Facing heavy pressure from industry, HHS rescinds health plan identifier
The Department of Health and Human Services has eliminated the need for health plans to use a standard unique health plan identifier, effective December 27.
The use of the health plan identifier (HPID) was required in an HHS final rule in 2012 but has never been enforced. Instead, health plans have voluntarily adopted payer IDs based on the National Association of Insurance Commissioners identifier.
Charles Stellar, president and CEO of WEDI—a national group supporting the use of health IT to create efficiencies in information exchange—says WEDI, along with other healthcare industry stakeholders, have played a significant role in guiding “HPID implementation planning.”
“After it became clear in the early years after the rule was issued, that the HPID and its implementation was going to be very complex with little return on investment to the industry, WEDI further engaged the industry, resulting in modifying our comment to support (the idea that) no implementation of HPID was needed, so we applaud the decision by HHS,” Stellar says. In 2017, WEDI began to contend that the HPID was not needed at all.
Earlier this month, WEDI formally applauded the rescinding of the HPID in a published HHS rule.
The final HHS rule eliminates the regulatory requirement for health plans to obtain and use an HPID and eliminates the voluntary acquisition and use of the identifier, according to WEDI. The final rule also simplifies the process for deactivating the existing identifiers to minimize operational costs for covered entities. On or after the effective date of the rule (of December 17), any active HPID or OEID will be automatically deactivated in the Health Plan or Other Entity Enumeration System.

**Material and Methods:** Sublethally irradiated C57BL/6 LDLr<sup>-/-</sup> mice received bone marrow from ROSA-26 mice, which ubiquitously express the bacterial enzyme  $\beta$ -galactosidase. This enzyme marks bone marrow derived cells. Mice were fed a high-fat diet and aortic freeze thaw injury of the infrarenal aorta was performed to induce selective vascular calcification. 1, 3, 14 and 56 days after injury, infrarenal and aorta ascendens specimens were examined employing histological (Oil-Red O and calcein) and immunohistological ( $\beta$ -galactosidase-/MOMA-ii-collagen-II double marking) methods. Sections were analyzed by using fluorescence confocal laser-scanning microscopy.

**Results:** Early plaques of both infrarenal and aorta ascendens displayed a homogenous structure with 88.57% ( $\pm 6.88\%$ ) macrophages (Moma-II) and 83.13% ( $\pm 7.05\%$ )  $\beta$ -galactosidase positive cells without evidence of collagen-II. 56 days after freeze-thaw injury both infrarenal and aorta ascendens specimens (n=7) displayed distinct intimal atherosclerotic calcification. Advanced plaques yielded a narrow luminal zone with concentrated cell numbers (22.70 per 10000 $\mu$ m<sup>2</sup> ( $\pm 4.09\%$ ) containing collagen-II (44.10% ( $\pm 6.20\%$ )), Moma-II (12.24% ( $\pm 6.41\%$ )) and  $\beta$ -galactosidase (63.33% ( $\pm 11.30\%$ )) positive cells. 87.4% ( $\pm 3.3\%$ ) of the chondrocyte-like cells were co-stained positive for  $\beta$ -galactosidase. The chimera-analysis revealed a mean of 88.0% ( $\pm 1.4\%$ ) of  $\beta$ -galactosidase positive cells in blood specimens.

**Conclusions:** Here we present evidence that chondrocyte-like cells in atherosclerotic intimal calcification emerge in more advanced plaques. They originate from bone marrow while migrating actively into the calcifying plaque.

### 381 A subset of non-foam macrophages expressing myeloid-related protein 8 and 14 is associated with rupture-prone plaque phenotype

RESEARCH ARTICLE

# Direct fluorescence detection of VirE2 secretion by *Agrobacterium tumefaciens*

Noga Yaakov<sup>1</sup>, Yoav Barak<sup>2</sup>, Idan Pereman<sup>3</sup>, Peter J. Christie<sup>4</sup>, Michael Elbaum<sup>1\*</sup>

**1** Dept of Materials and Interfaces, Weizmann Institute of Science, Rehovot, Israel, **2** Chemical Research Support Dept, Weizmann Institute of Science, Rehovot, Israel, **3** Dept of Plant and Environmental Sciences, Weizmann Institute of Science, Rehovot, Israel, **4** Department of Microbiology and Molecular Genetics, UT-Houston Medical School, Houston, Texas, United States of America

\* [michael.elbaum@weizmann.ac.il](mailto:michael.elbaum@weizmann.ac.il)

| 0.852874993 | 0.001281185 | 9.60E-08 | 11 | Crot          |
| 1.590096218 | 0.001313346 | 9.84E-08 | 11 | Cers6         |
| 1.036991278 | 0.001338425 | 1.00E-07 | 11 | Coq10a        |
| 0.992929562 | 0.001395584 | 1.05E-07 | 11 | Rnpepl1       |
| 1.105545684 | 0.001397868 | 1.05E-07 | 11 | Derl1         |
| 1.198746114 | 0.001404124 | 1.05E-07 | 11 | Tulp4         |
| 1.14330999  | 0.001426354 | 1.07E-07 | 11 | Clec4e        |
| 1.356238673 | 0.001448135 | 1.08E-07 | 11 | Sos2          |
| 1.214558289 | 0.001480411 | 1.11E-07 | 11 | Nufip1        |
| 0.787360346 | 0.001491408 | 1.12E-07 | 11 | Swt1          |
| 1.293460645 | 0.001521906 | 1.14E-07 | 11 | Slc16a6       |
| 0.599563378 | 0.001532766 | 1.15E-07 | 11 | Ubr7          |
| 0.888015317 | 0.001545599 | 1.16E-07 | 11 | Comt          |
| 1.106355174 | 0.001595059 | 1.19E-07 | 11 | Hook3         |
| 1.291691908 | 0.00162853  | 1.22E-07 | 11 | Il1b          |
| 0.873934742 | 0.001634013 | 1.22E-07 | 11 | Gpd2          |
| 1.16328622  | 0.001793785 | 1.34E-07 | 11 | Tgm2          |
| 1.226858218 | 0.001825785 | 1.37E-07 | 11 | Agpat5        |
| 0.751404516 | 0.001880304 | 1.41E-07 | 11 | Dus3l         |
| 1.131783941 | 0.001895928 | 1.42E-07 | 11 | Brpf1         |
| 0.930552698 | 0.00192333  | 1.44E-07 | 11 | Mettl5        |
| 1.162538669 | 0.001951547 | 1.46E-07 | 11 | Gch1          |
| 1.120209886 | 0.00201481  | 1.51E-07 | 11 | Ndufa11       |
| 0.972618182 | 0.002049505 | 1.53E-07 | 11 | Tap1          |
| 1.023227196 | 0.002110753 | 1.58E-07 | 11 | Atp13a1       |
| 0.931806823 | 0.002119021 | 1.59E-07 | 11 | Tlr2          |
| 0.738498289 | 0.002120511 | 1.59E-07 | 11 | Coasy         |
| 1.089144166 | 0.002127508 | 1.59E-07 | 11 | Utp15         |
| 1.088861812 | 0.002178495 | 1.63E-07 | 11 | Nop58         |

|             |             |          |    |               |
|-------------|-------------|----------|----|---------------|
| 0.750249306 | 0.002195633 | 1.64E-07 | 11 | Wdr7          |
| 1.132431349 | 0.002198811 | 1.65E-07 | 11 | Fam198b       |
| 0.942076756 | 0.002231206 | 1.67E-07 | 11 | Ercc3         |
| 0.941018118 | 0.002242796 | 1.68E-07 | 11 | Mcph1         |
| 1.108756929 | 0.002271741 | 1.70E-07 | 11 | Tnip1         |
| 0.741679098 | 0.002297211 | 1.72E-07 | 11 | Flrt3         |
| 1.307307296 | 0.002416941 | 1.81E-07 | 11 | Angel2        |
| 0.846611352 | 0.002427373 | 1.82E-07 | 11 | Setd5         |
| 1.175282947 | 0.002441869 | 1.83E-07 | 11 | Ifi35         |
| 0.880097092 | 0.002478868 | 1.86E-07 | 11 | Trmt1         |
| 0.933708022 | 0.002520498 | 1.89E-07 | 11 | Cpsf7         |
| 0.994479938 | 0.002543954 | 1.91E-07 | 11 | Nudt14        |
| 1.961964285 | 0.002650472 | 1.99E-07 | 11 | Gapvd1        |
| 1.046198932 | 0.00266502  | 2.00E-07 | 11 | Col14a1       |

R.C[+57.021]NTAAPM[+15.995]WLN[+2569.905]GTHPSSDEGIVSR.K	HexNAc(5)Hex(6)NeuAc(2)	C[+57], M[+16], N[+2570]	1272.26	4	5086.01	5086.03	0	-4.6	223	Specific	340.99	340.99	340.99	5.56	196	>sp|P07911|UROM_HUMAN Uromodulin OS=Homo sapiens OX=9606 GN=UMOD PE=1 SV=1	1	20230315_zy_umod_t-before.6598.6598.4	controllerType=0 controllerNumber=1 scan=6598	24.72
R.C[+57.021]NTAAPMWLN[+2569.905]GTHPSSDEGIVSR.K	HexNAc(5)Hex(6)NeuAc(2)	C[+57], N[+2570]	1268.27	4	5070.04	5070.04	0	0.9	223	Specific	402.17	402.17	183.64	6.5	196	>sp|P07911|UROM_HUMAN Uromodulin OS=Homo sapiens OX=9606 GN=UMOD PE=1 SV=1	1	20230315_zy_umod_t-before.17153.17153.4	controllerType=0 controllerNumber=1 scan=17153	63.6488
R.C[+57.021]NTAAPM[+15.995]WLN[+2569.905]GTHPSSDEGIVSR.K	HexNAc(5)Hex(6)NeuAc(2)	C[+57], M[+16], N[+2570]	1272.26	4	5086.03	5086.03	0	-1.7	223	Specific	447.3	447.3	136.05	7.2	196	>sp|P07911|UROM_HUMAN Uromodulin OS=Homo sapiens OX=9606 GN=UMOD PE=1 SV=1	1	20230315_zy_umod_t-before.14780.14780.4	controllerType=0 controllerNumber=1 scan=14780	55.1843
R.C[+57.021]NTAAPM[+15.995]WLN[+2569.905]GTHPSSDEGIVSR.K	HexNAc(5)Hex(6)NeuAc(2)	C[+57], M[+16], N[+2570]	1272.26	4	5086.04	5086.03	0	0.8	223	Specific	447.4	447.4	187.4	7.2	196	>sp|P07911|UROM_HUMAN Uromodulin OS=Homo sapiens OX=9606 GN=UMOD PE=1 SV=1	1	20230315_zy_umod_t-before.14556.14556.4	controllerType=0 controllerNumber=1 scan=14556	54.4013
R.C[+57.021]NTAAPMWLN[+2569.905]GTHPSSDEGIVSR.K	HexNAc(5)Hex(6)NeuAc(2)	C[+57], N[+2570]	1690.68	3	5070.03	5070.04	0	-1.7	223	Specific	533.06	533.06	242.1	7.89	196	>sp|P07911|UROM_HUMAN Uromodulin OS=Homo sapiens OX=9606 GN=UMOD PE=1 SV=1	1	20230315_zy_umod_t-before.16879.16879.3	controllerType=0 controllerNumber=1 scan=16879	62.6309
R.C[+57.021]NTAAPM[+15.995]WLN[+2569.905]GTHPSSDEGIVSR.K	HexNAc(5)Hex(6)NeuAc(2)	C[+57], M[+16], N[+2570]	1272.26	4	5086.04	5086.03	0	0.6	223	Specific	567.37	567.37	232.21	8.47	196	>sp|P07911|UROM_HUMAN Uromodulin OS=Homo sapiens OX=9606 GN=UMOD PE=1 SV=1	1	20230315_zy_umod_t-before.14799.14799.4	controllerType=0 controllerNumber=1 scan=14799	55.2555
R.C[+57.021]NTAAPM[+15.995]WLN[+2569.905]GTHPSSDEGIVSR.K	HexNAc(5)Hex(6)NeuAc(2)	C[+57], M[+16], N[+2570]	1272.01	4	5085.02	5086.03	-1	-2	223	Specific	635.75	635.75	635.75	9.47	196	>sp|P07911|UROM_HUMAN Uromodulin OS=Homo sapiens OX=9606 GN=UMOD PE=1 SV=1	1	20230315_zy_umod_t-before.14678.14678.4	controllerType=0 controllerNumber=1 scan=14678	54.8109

In its comment letter to HHS, the American Hospital Association said it is “fully supportive” of the decision to rescind the HPID and OEID, even calling on HHS to “do so immediately.”
In 2017, AHA called implementation of the HPID “costly, complicated and burdensome disruption.” At that time, AHA agreed with the rationale that there is “no business use case for the HPID/OEID” and that a voluntary model would result in confusion and unnecessary costs to the covered entities that use HIPAA transactions.
The HPID was mandated under the Administrative Simplification provisions of the Health Insurance Portability and Accountability Act of 1996, but HHS proposed to rescind the HPID and “other entity identifier” (OEID) last year, after it received feedback from major health plans, provider associations and vendors, according to Debra McCurdy, senior health policy analyst at Reed Smith.
HHS says it will “explore options for a more effective standard unique health plan identifier,” McCurdy says. “In the meantime, HHS will deactivate each HPID and OEID record in the Health Plan and Other Entity Enumeration System on behalf of each enumerated entity and will communicate to affected organizations and stakeholders about the deactivation process.”